With years spent reading single issues here and there, juggling storylines of dozens of titles, I decided it was time to find a better way to read comics. So, it was off to the back issue bins armed with the longest want list you’ve ever seen! Putting together series after series and reading them in their complete goodness, I was reborn as the Retro-Reader!
Publisher: Marvel Comics
*Warning! Plot Spoilers Below*
Number of Issues: 5
First Issue: May 2009 ($2.99)
Last Issue: September 2009 ($2.99)
Writer: Jonathan Hickman
Artist: Sean Chen
Following Marvel’s Secret Invasion, the Fantastic Four return to the Baxter Building and Reed Richards quickly builds himself the Bridge. It allows him to analyze the thousands of alternate realities that exist to see if he could have done anything to prevent the recent events (Civil War, World War Hulk, Secret Invasion, Superhuman Registration Act, etc) from occurring. At the same time, Norman Osborn has directed H.A.M.M.E.R. to attack the Baxter Building to submit the Fantastic Four to a review in the hopes of determining if they will be allowed back into the Initiative Program. The resulting power surge causes the Bridge’s Visualizer to send the other three members of the team (the Thing, the Human Torch and the Invisible Woman) on a trip through alternate realities/times: battling Celestials, dinosaurs, WWII soldiers, knights, wild west gunmen and pirates.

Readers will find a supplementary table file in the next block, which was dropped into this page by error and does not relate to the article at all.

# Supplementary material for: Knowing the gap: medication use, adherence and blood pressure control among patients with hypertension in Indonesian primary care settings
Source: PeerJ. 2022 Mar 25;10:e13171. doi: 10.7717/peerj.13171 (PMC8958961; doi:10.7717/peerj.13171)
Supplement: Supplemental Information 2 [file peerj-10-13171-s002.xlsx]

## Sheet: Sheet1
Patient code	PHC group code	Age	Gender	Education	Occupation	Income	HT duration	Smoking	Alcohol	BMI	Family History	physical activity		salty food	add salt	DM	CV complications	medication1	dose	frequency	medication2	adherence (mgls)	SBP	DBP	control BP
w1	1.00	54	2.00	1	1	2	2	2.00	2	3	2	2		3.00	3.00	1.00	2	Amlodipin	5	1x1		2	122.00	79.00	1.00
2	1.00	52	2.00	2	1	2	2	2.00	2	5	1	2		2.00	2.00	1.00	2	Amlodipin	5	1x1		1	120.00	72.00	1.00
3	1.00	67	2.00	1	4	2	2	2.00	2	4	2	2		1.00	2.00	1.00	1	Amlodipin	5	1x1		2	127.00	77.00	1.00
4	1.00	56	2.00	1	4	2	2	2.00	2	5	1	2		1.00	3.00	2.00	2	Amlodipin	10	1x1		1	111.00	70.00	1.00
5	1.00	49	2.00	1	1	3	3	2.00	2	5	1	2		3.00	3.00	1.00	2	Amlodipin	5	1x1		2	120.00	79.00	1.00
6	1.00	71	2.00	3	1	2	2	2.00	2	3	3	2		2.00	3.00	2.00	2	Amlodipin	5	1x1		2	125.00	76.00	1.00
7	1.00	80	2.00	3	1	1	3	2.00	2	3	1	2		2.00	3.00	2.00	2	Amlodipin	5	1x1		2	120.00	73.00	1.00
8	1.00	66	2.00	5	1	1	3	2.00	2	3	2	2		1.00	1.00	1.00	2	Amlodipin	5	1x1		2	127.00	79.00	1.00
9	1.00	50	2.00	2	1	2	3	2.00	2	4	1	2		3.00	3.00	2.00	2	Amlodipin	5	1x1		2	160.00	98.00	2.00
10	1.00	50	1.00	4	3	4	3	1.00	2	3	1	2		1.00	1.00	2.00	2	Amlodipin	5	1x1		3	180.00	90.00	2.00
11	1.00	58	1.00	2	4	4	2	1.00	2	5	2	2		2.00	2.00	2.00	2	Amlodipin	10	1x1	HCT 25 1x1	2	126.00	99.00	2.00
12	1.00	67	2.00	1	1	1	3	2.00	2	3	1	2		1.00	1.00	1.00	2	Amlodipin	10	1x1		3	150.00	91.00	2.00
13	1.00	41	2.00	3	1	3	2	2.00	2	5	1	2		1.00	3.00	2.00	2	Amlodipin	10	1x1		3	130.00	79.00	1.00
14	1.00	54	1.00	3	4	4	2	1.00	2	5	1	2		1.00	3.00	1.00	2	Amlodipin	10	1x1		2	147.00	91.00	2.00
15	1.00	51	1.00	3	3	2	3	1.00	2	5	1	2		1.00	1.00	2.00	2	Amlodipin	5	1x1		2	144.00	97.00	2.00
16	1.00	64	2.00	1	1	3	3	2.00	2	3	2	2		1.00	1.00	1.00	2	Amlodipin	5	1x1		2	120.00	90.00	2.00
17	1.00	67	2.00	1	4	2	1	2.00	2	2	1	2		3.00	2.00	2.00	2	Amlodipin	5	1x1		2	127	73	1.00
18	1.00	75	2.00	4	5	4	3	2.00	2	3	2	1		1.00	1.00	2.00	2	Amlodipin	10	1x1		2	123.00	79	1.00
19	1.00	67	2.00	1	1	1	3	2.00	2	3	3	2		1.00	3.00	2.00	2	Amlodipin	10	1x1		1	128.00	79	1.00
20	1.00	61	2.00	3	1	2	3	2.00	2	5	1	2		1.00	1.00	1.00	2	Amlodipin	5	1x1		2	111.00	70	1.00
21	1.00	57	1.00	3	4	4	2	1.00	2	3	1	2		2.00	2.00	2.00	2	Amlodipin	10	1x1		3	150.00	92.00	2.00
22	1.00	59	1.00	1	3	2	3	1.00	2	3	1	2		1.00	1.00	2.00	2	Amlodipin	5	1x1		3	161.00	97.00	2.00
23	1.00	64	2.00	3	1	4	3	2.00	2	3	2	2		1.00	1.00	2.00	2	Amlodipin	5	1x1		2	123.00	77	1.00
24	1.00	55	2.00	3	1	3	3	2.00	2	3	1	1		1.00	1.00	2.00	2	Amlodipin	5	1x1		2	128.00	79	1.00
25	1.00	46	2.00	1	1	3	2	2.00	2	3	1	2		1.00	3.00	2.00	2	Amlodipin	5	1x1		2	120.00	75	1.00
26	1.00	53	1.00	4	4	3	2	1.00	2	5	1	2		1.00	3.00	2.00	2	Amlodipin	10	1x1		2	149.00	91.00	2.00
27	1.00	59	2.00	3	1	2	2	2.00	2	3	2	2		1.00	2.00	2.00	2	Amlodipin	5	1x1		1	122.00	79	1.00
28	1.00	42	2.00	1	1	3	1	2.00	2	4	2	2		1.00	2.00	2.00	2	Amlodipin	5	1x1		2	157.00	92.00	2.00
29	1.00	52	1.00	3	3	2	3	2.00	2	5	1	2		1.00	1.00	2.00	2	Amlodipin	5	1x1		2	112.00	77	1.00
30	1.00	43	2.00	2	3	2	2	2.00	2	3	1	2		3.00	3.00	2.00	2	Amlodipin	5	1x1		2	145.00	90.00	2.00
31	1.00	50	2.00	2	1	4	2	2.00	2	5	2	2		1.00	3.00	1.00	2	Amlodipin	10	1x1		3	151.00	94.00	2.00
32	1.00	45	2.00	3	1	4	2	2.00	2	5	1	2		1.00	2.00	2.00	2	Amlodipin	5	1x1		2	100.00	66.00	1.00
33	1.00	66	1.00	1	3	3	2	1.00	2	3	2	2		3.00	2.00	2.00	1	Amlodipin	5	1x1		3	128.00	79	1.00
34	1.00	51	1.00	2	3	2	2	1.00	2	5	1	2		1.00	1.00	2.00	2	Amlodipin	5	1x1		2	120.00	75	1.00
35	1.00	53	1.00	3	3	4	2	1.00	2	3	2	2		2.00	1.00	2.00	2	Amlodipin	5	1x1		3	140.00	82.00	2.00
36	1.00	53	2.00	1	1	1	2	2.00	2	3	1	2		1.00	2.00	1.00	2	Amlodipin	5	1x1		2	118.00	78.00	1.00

Meanwhile, Franklin and Valeria are left to fend off Norman Osborn and Venom (Mac Gargan – formerly the Scorpion) from their intrusion into the Baxter Building. Fortunately, Reed powers down the Bridge after analyzing all the results, freeing the rest of the team from its effects. With the team reunited again, they send Osborn and his agents packing. Upset at the danger the Bridge put her family in, Sue demands that Reed destroy it. But, will our inquisitive scientist hero be able to destroy such a powerful device? You bet he won’t! Especially now that he knows what he needs to do to put things right with the super hero community once again.
The Bad: Hickman uses this mini-series to build up the plot he’s developing in the monthly Fantastic Four title … so it doesn’t have a true stand-alone feeling. And, as far as this relates to Norman’s Dark Reign – nothing happens! He tries to gain access to the Baxter Building and the team sends him away. The End! Rather lacking for a five issue series under the Dark Reign banner, if you ask me.
The Good: The story is able to provide an interesting analysis of why things went wrong in the Marvel Universe and attributes them to specific characters. It’s an interesting look at how Reed’s pure motives got tainted by the ideas of other heroes.
The Verdict: While I found Reed’s thought-processes of what went wrong to be pretty interesting, the adventures of the rest of the team were pretty meaningless. The final showdown between Osborn and the Fantastic Four was ended pretty quickly and then some mystery characters were introduced that weren’t paid off in this story (although, I can only assume they’ll pop up in the ongoing FF title). In the end, it just seems like this series is a lead-in to the (hopefully) more important events going on in the monthly title – so perhaps your reading time would be better spent there.
On Ebay: Fantastic Four | Dark Reign | Jonathan Hickman | Sean Chen